Albert George White was a second cousin on my mother’s side of the family. Albert’s grandfather David was the younger brother of my 3x grandfather James Underwood. His parents were Frederick White and Hilda Ellen Underwood. Frederick and Hilda were married at St Lawrence’s Church in Seale, Surrey, on 4 February 1895.
Albert George was their first child, born later that year and baptised on October 6 at Witley parish church. Two years later a daughter, Emily, was also baptised at Witley and in 1899 a son, Frederick, arrived. The family then moved to Eashing, where John was born on 24 August 1900, the family being recorded on the 1901 census at Lower Eashing. Another son, Samuel, was born there on 9 April 1902. By 1904 when Harriet was born, they had moved to Binstead, near Alton, Hampshire. Harriet was joined by Charles in 1907, Harry in 1910, Hilda in 1912 and Edith in 1914. All of the children but John survived into adulthood.
When the census was taken in 1911, Albert was living at home with his parents and six siblings at Binstead Street near Alton. He was a farm labourer.
At some point in the next couple of years, Albert joined the army. When war broke out in 1914, he was stationed abroad, although it is not recorded exactly where. However, it is known that Albert and his colleagues who formed the 29th Division were regular soldiers brought back to Britain in the winter of 1914 to prepare for overseas duty. Albert was a Driver in the Army Service Corps, working with horses, so probably involved with transporting men and goods in support of the front line. Driver in this case was a rank; equivalent to Private.
The 29th Division sailed for Gallipoli in April 1915 but over the spring and summer all attempts to enter Turkey via the Gallipoli peninsula failed. In early autumn the Mediterranean Commander-in-Chief Sir Ian Hamilton requested 95,000 reinforcements from London. Only 25,000 were deemed to be available and the French commanders insisted on keeping their focus on the western front, so would not spare any men to support the cause. Hamilton was relieved of his position and General Sir Charles Monro took over. Monro advised London that the situation was hopeless and a complete withdrawal from Gallipoli would be the best way forward, although he estimated that the evacuation would have a casualty rate of 30-40%. Kitchener’s response was to dismiss Monro and appoint Lieutenant-General Sir William Birdwood in his place and to visit Gallipoli himself. What Kitchener saw there changed his mind and he agreed that all 93,000 men, 200 guns and over 5000 animals should be taken out. The decision was strengthened by the appalling weather in the area, with rain, storms and heavy snow which caused the deaths of nearly 300 men.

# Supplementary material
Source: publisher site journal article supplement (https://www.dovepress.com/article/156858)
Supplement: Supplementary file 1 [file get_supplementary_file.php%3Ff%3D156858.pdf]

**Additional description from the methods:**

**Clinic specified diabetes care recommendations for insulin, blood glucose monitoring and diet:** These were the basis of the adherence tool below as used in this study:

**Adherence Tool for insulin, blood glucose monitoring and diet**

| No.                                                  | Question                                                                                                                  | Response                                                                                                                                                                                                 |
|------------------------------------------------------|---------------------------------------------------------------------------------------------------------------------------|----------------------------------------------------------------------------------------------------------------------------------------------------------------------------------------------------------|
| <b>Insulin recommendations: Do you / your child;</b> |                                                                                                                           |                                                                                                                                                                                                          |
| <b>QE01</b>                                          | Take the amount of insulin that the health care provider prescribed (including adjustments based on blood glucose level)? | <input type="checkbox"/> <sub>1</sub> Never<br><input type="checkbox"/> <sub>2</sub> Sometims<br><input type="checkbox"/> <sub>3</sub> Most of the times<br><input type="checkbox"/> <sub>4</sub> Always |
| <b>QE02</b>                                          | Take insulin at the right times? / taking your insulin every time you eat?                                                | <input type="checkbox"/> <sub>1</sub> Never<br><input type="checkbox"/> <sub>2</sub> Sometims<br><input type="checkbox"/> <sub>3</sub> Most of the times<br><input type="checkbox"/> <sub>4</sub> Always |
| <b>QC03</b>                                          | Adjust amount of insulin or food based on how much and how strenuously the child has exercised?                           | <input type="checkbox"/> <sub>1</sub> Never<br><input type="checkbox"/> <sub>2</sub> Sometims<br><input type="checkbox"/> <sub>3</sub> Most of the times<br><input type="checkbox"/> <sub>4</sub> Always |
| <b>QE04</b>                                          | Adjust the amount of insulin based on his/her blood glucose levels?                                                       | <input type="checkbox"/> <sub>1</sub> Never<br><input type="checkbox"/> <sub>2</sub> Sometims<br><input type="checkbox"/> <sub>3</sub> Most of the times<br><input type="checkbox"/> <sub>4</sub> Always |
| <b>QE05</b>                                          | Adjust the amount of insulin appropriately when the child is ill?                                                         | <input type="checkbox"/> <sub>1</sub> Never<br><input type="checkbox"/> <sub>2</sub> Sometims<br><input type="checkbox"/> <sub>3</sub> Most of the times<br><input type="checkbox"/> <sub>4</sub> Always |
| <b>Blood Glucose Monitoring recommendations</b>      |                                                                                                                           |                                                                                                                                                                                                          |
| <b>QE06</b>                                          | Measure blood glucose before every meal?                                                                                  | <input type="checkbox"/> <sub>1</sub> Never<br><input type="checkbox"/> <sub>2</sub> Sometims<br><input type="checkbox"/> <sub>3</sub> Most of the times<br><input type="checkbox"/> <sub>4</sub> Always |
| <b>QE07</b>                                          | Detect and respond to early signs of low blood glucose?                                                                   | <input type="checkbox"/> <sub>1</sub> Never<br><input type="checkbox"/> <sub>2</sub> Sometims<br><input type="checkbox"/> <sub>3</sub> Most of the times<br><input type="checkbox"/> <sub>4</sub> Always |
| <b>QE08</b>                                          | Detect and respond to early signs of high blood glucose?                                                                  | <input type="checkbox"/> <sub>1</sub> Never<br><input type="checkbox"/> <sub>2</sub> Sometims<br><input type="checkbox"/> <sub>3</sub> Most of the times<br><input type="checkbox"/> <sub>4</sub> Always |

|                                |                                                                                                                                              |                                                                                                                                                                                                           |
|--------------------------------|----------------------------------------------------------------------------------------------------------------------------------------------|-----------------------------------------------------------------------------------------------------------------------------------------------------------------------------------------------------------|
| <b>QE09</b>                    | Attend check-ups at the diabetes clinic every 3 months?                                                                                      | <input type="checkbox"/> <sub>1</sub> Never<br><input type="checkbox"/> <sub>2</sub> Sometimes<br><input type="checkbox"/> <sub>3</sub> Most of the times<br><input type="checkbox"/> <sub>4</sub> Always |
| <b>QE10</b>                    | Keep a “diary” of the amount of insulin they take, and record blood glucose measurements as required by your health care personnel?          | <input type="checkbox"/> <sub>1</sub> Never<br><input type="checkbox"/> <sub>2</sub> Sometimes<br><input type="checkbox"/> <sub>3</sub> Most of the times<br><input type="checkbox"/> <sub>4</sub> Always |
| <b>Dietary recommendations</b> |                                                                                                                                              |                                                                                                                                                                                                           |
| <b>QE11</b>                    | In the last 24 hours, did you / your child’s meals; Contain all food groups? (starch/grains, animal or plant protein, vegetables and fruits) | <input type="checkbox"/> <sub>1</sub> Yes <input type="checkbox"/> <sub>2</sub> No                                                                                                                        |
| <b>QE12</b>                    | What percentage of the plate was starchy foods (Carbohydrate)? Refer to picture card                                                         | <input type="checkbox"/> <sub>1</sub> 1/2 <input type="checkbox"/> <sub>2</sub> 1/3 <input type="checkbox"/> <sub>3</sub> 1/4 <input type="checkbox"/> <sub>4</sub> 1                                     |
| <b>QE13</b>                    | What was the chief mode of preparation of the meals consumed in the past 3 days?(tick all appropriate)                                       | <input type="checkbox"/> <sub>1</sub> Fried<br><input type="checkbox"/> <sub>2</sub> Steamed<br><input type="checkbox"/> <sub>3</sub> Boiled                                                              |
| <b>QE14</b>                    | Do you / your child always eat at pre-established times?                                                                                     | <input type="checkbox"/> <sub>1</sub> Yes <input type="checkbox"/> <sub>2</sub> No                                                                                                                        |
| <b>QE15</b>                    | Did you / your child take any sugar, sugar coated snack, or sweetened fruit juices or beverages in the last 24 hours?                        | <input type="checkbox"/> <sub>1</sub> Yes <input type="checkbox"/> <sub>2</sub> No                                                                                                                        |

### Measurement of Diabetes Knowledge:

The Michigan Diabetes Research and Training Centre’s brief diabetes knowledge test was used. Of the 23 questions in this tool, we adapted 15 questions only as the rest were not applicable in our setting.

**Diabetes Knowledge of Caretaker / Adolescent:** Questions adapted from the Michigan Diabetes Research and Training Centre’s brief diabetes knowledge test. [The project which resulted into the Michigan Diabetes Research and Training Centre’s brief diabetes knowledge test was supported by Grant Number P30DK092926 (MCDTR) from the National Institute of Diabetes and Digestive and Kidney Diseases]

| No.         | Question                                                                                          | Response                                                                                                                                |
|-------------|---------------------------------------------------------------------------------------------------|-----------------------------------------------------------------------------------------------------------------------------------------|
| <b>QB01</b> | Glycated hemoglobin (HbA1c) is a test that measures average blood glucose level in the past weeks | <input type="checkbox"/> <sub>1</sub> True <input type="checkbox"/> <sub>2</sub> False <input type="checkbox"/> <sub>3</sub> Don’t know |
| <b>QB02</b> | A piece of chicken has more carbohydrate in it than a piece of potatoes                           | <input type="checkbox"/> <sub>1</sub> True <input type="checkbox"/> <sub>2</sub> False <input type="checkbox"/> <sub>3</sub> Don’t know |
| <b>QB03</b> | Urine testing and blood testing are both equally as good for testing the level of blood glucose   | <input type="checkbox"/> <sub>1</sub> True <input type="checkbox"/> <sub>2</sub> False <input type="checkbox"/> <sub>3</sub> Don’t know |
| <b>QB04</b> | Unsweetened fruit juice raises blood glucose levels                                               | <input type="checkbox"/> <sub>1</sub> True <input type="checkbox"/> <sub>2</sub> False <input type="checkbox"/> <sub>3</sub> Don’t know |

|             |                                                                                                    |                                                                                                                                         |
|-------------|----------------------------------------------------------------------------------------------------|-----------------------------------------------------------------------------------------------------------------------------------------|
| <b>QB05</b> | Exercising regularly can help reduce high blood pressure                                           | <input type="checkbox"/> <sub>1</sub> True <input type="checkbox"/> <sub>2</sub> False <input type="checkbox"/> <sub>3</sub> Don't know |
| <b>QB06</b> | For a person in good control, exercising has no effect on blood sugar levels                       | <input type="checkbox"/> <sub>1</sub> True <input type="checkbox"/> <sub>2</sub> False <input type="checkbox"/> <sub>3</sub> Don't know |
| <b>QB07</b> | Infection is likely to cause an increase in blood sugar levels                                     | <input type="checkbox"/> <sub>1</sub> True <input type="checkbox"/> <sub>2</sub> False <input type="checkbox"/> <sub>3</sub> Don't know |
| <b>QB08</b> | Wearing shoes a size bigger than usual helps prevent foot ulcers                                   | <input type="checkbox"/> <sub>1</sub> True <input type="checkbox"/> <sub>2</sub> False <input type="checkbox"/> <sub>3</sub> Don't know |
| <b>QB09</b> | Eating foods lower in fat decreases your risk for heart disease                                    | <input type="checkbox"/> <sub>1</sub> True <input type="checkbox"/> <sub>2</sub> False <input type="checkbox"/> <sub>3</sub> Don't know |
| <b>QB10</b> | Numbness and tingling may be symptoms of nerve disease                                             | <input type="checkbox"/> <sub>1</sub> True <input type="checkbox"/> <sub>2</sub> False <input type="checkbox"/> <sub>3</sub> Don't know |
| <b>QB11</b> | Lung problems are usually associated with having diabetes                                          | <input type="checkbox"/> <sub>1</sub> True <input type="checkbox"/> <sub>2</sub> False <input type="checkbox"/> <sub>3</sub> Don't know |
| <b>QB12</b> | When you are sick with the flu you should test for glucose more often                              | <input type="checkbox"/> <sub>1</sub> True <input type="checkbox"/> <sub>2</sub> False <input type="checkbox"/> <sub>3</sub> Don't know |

The initial evacuation was from Anzac Cove and Suvla Bay on the western side of the peninsula. Most of the men were Australians and New Zealanders but there were also Indian mule drivers and troops from other allied countries. The operation was carried out between 10 and 20 December with such stealth that the Turkish army did not realise what was happening. By the 20th everyone was gone from this area and the decision to evacuate Helles on the southern tip of the peninsula was taken in December.
Again the actual evacuation was accomplished with great skill and secrecy and virtually no casualties. However, somewhere in the turmoil Alfred White was killed. The enemy troops had by now realised what was happening and were shelling the Allied lines continuously. There is no record of how Albert died, so it may have been as a direct result of enemy action or maybe he died of illness or injury or from the effects of the dreadful weather.
The plan was to remove the animals, supplies and stores in advance of the troops and guns and he must have been involved in this operation. Sadly he did not live to go home and he is remembered on the Helles memorial. He was just 20 years old.
His parents lived on in Binstead until after World War 2, Frederick dying in 1946 and Hilda in 1948.